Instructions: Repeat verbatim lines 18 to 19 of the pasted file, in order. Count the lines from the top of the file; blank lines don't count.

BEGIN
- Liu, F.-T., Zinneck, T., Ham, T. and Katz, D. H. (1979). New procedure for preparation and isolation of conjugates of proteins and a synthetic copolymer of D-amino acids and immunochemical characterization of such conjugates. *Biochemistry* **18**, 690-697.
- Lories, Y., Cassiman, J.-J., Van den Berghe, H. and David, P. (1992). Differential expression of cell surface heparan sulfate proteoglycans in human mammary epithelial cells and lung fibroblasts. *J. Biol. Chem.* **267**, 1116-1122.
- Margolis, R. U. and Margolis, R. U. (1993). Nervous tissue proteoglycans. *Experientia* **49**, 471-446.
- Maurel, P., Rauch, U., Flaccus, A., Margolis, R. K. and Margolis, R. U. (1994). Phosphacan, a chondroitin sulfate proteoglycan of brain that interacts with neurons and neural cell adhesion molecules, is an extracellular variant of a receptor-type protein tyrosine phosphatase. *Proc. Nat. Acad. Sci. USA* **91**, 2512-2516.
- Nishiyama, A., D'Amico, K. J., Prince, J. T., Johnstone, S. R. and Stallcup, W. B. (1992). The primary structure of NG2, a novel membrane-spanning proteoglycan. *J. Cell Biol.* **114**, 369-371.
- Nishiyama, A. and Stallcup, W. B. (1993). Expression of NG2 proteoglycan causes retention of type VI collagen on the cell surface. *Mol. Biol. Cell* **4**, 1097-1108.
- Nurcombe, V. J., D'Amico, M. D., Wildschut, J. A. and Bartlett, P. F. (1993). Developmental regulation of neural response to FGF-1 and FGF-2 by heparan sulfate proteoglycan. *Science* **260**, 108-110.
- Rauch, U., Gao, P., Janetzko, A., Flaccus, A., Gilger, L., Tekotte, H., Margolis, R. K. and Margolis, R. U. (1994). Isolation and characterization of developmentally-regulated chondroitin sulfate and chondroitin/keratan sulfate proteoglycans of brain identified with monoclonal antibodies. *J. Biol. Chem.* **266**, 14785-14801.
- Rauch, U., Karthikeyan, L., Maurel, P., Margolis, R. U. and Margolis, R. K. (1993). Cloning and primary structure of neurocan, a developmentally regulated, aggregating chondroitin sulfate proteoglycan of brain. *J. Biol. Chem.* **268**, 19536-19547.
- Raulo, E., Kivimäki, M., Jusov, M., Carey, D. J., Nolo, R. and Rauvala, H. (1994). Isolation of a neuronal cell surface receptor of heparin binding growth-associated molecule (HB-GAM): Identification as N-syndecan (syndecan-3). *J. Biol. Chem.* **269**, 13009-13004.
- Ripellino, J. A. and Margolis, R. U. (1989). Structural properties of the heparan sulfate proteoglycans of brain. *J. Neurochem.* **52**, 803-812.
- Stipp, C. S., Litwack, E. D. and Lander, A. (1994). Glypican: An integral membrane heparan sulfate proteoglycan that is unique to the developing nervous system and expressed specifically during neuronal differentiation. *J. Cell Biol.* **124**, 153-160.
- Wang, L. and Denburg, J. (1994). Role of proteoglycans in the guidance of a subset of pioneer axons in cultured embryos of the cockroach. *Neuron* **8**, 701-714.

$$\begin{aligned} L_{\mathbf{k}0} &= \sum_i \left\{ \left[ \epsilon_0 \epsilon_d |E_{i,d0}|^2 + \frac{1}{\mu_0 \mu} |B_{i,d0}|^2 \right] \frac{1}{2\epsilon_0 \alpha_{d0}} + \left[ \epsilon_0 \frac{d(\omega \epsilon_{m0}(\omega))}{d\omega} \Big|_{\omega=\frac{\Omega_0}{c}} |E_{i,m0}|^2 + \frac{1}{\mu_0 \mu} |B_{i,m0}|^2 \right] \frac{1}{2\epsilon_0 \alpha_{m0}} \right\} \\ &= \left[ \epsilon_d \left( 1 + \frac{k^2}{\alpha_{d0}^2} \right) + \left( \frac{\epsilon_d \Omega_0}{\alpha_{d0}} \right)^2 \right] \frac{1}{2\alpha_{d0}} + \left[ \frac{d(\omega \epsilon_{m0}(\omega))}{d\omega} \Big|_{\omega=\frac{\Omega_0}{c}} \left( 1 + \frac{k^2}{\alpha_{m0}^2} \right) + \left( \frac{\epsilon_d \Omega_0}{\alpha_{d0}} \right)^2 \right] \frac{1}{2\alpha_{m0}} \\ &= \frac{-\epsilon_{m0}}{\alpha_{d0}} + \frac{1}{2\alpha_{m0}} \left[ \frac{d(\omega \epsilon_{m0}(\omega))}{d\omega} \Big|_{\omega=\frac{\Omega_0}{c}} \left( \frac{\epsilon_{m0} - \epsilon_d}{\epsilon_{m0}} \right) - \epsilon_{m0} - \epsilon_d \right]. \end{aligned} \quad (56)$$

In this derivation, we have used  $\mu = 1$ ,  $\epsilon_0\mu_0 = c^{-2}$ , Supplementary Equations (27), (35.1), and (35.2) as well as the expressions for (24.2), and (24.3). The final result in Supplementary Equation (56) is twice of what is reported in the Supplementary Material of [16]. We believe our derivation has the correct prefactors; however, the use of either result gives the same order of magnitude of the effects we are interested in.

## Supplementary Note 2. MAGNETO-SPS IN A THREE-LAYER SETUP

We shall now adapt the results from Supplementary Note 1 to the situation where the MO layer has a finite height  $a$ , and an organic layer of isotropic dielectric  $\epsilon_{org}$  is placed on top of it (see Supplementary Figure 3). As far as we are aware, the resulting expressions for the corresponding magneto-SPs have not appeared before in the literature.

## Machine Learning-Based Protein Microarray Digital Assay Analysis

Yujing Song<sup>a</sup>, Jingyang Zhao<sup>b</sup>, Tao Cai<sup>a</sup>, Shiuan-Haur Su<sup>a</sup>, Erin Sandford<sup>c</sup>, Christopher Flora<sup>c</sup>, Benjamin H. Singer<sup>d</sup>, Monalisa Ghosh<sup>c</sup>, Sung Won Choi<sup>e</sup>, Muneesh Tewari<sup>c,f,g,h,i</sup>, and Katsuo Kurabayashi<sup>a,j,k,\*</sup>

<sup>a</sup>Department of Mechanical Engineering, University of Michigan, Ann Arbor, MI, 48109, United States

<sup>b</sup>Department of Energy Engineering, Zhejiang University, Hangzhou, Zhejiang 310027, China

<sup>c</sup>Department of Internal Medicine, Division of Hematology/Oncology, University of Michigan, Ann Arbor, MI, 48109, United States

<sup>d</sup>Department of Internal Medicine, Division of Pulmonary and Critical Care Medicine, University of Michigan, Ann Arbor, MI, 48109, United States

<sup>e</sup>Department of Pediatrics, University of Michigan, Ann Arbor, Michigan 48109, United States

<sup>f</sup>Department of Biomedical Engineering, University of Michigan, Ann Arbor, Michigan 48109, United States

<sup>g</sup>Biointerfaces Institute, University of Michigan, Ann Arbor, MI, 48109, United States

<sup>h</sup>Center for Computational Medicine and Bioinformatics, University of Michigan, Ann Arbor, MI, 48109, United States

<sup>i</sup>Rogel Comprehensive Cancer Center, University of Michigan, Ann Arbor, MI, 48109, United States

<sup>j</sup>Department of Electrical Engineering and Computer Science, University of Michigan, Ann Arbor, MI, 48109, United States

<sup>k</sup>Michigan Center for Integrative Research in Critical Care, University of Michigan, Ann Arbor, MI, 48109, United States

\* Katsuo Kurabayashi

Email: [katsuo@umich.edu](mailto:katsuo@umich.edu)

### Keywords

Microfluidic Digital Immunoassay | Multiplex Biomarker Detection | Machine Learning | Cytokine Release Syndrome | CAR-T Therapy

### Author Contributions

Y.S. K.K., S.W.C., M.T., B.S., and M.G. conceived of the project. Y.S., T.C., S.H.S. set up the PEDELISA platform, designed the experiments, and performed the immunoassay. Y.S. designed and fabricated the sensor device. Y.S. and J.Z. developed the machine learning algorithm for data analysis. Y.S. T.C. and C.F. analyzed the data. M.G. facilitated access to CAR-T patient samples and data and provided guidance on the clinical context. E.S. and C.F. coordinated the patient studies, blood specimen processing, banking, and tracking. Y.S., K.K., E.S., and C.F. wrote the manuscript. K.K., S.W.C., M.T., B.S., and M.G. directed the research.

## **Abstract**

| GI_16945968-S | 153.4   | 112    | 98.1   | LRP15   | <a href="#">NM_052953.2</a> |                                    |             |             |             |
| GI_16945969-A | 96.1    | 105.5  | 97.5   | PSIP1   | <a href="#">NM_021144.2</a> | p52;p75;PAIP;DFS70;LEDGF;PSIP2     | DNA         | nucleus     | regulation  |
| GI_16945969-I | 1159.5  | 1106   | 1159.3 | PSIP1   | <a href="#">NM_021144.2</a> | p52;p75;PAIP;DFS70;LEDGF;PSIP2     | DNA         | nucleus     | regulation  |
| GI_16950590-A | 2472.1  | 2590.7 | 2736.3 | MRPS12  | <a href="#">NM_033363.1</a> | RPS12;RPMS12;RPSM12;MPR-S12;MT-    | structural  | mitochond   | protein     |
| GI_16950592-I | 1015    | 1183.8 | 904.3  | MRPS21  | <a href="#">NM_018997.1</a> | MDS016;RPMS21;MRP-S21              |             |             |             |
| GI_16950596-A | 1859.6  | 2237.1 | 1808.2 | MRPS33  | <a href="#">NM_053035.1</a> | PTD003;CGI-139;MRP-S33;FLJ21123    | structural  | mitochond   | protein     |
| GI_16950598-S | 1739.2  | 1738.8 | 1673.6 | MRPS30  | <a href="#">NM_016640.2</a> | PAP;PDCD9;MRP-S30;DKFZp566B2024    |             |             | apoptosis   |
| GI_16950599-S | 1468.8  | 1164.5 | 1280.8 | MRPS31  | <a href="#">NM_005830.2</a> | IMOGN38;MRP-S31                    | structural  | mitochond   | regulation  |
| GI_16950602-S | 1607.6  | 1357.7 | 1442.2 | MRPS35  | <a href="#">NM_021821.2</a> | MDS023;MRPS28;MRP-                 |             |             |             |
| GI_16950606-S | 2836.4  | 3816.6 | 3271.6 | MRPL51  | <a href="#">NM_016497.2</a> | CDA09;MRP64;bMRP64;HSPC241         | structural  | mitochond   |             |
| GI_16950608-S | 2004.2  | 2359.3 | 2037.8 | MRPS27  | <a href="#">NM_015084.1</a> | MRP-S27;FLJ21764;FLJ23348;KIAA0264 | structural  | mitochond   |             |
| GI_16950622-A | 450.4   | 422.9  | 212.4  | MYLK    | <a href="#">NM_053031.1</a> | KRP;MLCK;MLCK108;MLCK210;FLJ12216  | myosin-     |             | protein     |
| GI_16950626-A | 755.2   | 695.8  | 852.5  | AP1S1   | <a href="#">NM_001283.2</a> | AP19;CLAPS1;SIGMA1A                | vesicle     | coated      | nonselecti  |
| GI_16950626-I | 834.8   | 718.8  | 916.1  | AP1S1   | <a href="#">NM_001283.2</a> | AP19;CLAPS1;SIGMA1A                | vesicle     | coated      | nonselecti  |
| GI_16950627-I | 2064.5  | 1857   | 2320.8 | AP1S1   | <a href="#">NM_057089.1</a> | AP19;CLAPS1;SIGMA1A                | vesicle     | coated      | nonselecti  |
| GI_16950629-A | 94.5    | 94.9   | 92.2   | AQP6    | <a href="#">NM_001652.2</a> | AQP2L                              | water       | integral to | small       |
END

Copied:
## Machine Learning-Based Protein Microarray Digital Assay Analysis

Yujing Song<sup>a</sup>, Jingyang Zhao<sup>b</sup>, Tao Cai<sup>a</sup>, Shiuan-Haur Su<sup>a</sup>, Erin Sandford<sup>c</sup>, Christopher Flora<sup>c</sup>, Benjamin H. Singer<sup>d</sup>, Monalisa Ghosh<sup>c</sup>, Sung Won Choi<sup>e</sup>, Muneesh Tewari<sup>c,f,g,h,i</sup>, and Katsuo Kurabayashi<sup>a,j,k,\*</sup>